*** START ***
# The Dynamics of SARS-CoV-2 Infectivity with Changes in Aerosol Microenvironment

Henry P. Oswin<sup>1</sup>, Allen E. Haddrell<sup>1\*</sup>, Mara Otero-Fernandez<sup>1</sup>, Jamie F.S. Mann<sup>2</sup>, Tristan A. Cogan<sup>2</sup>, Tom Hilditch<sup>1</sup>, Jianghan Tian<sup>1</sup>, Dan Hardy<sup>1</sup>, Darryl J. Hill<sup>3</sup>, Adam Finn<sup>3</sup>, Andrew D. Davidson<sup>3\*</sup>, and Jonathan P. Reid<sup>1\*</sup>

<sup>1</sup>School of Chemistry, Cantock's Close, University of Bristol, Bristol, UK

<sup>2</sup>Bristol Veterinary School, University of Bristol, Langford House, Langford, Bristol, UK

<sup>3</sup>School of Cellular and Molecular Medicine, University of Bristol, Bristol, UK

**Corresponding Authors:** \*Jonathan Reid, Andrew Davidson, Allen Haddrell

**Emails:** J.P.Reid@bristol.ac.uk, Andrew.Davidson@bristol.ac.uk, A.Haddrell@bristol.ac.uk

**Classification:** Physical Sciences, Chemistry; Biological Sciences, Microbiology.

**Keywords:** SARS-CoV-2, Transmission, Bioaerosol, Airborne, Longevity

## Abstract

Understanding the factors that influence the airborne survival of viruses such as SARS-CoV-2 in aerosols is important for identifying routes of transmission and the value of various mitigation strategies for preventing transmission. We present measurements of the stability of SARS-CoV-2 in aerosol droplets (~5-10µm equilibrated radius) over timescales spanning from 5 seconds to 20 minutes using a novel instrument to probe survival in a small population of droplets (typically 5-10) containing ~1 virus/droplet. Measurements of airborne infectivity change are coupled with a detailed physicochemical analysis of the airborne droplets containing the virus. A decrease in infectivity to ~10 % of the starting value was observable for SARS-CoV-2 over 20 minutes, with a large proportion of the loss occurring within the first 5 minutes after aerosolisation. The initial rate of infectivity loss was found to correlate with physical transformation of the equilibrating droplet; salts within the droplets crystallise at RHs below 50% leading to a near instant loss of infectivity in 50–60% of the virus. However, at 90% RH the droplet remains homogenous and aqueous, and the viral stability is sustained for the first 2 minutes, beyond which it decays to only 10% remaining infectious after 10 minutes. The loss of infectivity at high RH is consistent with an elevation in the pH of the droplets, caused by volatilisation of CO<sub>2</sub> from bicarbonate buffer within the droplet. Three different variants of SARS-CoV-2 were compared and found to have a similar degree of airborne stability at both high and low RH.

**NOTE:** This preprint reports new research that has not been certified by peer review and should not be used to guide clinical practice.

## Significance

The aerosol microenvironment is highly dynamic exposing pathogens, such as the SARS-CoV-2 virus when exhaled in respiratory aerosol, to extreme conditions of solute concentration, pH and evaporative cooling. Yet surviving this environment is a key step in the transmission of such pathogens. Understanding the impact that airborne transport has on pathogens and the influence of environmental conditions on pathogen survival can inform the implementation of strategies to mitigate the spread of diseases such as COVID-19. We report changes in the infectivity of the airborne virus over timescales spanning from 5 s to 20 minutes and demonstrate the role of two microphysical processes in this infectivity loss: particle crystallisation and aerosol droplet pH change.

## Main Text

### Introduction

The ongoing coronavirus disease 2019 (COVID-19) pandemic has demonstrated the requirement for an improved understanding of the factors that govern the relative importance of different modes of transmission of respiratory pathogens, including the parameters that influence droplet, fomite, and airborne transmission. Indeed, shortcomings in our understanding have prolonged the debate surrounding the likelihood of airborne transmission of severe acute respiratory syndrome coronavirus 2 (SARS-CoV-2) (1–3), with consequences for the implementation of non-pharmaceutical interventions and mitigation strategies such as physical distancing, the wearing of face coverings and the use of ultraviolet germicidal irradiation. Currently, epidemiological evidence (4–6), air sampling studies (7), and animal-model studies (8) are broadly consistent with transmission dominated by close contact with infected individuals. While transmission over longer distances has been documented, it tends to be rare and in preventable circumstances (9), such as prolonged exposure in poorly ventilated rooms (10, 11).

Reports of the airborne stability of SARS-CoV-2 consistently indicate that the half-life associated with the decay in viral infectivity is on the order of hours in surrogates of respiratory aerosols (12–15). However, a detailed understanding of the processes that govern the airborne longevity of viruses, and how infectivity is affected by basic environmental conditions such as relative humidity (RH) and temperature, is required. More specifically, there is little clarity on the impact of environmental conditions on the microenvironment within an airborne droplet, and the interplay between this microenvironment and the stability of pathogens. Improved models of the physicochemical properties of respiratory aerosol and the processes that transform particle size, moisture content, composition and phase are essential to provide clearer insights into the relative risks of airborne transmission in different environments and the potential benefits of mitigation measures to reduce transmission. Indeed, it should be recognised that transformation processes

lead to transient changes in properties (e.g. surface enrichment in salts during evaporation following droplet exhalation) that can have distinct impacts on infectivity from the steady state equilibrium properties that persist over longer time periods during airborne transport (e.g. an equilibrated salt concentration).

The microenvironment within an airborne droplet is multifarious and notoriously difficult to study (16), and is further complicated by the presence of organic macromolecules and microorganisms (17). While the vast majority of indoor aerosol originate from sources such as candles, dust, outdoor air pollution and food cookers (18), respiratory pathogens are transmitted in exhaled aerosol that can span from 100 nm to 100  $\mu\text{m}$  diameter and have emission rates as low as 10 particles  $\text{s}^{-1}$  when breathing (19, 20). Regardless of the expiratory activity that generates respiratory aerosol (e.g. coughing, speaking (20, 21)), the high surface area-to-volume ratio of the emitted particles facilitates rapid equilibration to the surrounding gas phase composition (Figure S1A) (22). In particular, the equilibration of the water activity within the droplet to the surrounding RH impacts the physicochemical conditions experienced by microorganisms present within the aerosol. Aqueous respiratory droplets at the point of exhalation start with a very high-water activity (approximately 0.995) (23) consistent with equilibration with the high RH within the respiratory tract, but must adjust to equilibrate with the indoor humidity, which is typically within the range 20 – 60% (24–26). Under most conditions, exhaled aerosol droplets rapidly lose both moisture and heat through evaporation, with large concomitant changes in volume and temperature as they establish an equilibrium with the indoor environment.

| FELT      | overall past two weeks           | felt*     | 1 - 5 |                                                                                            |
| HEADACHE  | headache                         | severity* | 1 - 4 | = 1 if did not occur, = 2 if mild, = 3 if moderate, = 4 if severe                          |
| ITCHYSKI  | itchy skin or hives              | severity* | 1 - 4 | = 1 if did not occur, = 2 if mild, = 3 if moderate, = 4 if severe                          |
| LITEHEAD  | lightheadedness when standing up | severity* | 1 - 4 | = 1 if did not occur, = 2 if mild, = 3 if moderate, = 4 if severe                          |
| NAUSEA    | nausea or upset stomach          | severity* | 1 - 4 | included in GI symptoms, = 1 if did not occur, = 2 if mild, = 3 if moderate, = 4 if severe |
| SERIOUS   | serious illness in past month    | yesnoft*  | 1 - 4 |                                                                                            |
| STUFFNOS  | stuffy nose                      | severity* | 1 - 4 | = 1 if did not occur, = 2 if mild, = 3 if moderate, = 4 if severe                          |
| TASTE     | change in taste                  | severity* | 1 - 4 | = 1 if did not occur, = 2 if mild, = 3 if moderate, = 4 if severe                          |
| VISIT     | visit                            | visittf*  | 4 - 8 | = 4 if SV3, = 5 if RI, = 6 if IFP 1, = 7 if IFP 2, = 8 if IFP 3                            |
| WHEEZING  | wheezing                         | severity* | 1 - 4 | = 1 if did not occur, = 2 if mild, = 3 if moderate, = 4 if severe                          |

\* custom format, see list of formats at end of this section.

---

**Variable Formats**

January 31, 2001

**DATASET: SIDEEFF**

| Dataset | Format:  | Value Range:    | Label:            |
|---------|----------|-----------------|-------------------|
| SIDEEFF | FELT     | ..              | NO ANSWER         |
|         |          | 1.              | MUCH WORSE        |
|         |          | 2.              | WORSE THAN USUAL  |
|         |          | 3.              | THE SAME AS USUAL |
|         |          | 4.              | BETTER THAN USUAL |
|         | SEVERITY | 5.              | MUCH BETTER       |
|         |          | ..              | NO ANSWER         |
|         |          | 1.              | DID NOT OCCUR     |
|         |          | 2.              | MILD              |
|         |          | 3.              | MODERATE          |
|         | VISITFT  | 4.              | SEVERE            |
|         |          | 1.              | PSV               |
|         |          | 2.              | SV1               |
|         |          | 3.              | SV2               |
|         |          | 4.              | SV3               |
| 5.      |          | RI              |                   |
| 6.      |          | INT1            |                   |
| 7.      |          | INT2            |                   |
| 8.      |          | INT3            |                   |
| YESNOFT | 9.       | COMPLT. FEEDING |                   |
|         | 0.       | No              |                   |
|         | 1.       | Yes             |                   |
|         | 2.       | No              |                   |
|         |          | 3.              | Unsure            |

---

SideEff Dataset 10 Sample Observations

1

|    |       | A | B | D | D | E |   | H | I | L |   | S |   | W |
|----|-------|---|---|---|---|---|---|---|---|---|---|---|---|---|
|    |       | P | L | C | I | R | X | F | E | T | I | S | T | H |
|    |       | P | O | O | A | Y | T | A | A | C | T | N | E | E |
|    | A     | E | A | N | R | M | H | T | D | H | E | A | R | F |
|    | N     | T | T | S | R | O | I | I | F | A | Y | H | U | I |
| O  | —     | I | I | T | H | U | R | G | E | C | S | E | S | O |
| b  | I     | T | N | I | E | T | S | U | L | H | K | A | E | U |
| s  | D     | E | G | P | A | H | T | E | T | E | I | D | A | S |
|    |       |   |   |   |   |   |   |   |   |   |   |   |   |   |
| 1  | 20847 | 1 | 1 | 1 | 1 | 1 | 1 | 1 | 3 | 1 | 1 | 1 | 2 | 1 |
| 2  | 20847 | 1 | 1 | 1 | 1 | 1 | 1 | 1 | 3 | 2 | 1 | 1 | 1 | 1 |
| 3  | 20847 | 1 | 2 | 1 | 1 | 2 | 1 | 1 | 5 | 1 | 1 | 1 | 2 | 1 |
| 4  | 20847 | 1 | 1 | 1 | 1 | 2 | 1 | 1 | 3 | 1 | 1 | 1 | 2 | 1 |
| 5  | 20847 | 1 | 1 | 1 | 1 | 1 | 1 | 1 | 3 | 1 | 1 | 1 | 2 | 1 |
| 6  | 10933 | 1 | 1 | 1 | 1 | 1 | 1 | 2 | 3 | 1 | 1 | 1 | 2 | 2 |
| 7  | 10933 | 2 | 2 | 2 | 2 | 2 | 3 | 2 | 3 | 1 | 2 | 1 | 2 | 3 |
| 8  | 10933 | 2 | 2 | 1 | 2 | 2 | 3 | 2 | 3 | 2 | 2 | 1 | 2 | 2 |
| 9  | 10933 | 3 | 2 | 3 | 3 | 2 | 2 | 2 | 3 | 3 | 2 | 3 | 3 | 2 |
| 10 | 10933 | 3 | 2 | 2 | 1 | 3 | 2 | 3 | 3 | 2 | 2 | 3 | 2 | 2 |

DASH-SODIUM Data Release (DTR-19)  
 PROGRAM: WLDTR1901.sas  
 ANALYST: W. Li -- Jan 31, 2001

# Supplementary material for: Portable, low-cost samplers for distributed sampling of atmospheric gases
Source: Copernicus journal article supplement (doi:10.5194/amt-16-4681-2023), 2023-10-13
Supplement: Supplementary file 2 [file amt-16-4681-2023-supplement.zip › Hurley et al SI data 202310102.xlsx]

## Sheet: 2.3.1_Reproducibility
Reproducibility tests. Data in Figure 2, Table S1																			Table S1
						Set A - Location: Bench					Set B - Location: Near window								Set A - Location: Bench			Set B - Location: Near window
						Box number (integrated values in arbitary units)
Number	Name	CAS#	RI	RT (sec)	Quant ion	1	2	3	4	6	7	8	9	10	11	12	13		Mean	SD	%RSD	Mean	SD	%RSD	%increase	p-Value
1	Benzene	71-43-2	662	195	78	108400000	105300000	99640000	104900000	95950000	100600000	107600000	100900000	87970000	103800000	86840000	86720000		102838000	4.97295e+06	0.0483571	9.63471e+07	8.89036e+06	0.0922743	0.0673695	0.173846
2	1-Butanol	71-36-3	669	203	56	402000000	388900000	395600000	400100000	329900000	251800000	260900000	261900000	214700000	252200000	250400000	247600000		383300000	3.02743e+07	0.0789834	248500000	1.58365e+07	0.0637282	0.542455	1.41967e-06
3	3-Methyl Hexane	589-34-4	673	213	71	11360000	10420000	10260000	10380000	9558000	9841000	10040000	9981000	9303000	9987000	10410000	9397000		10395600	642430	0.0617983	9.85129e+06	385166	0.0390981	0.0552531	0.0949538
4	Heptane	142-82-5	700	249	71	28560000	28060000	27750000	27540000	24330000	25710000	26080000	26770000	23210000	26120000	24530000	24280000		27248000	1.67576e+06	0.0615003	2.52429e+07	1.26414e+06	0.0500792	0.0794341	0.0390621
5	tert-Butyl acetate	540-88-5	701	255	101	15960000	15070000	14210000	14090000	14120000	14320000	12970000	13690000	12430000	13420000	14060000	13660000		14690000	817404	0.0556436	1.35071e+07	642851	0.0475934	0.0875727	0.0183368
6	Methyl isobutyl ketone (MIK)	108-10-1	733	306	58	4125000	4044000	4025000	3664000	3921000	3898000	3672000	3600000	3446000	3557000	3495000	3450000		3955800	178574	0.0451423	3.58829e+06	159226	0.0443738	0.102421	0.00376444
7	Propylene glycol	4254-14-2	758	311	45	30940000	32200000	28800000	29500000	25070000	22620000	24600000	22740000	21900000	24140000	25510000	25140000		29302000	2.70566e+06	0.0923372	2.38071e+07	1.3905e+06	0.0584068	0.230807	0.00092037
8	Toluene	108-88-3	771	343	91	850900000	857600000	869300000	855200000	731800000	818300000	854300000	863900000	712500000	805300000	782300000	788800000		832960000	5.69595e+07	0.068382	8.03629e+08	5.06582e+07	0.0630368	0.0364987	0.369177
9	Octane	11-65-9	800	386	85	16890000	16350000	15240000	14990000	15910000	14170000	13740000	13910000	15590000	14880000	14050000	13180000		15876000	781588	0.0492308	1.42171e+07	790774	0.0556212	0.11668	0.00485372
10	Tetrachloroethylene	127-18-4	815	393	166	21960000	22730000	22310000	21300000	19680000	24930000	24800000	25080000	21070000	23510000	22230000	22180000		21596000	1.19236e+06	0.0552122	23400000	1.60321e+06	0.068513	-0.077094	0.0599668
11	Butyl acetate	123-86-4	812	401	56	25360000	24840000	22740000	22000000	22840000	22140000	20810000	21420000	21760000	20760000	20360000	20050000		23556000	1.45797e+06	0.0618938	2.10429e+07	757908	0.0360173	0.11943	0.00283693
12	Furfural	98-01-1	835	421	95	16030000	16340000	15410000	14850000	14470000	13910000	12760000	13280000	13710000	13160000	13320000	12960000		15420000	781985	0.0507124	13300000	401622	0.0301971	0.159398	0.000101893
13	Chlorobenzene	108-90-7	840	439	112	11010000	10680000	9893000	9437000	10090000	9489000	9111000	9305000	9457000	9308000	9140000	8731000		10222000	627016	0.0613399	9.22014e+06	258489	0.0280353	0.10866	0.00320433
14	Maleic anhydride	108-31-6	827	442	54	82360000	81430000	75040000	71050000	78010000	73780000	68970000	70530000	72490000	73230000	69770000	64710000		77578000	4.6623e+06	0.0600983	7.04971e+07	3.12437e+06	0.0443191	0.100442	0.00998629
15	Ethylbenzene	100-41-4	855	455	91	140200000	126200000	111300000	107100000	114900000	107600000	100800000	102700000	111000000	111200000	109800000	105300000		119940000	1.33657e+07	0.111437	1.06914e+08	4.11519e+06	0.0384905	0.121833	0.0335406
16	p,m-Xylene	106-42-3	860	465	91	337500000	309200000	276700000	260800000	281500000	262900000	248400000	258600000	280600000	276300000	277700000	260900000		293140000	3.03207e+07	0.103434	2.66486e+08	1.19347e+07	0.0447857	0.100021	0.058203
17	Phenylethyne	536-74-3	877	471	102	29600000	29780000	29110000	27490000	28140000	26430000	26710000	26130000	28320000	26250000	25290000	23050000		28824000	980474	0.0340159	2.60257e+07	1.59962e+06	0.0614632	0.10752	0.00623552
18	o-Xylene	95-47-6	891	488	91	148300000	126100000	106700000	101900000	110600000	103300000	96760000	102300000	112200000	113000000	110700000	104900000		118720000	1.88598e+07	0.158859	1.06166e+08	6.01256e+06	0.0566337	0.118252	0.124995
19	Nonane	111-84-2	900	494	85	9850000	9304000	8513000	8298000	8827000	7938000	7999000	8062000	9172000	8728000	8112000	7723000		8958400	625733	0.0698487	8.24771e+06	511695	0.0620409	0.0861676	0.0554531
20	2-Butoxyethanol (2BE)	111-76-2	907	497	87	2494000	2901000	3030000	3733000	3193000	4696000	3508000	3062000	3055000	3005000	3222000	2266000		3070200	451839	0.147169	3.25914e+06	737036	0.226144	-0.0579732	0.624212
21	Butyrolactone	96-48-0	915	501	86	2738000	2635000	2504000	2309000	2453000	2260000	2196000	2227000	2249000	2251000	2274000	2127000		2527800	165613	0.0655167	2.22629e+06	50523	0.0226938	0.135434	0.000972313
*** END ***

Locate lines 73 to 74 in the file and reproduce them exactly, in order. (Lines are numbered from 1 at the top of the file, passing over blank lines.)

| s  | D     | E | G | P | A | H | T | E | T | E | I | D | A | S |
|    |       |   |   |   |   |   |   |   |   |   |   |   |   |   |